– user37142
    Commented Apr 28, 2017 at 12:44
  • $\begingroup$ In general, GGA yields better results than LDA. The problem is that most "higher level" functionals such as meta-GGA are not very general. In some systems, they will be very good. But at some, they will underperform. The journal in my answer brings attention to this. It also brings attention to new meta-GGA functionals that are generally better than GGA. Hence the significance of the journal $\endgroup$ Commented Apr 29, 2017 at 3:20

Aside from the used method, you should also pay attention to the used basis set. Generally, the larger the basis set the better the results. (This is strictly speaking not true, as just having a "large basis set" does not guarantee the additional basis functions are helpful. But usually basis sets are optimized to achieve maximum quality with a given number of basis functions.)

When comparing methods of different levels of theory, you should use a basis set of same quality. This will ensure the differences are really due to the method. In extreme cases a cheap method with a large basis set may give better results than a higher level method with a small basis set.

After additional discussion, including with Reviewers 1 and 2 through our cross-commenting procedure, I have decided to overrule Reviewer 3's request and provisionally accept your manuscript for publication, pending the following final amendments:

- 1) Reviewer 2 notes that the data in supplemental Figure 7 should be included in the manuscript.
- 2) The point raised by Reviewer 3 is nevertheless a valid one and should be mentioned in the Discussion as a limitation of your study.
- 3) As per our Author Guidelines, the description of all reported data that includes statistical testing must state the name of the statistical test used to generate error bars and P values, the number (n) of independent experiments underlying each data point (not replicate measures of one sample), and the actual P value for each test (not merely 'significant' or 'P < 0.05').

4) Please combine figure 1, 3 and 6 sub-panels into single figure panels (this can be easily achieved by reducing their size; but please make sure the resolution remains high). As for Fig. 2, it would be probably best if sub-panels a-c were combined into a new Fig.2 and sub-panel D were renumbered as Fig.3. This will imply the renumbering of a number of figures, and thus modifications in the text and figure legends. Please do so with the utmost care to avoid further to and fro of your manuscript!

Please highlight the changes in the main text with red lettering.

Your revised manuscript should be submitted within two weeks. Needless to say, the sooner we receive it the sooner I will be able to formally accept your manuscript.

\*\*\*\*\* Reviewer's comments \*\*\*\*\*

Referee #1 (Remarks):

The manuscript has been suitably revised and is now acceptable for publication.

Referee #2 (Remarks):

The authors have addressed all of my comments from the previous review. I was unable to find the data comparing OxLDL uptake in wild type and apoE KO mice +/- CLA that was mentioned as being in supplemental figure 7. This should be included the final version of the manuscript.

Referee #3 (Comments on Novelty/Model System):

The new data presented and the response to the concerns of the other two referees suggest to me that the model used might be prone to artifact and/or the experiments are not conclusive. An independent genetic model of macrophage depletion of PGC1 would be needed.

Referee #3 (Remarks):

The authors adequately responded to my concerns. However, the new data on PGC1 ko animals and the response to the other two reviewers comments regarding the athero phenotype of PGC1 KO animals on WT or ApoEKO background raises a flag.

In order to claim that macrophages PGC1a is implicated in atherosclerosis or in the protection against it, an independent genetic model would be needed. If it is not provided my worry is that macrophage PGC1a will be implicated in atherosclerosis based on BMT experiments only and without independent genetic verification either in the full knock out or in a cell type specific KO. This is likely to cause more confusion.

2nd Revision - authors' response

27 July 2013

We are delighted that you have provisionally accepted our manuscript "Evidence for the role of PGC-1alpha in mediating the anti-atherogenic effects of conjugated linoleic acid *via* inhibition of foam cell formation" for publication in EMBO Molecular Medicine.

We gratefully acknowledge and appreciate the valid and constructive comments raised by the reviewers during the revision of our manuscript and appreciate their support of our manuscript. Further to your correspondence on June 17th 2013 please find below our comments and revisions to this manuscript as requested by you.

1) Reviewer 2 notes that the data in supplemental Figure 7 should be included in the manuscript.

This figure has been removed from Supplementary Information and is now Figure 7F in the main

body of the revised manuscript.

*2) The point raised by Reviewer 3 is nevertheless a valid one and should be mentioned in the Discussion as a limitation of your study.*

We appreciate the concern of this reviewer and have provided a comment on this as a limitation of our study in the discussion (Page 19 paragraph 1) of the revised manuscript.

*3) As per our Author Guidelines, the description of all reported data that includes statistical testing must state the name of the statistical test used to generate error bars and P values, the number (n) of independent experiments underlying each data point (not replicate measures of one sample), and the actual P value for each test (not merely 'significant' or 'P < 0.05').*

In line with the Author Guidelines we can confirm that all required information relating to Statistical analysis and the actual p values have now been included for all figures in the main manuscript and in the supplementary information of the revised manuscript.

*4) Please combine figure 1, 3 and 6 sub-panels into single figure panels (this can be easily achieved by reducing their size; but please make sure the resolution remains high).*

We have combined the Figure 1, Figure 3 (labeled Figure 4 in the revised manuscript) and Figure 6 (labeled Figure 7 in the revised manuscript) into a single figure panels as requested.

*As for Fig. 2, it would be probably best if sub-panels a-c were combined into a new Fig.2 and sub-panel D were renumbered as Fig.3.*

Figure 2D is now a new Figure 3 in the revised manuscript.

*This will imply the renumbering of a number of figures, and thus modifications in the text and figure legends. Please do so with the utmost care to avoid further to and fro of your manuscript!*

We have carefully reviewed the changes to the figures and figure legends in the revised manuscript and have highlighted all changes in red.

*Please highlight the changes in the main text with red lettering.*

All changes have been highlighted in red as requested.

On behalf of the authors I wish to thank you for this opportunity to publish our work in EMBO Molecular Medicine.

However, one should be careful with the "basis set of same quality" formulation, especially for DFT where thing are generally more fuzzy.

  • 1
    $\begingroup$ I've seen plenty of examples where smaller basis sets with DFT actually can perform better than larger ones. The reason for this is because DFT is not a convergent theory unlike ab initio approaches. $\endgroup$ Commented Apr 28, 2017 at 16:28
  • $\begingroup$ I work more with the ab initio approaches, so I don't know too much about DFT. But I can image this very well. However, I would also expect that in these examples not all molecular properties are better described at the same time? $\endgroup$
    – Feodoran
    Commented Apr 28, 2017 at 18:32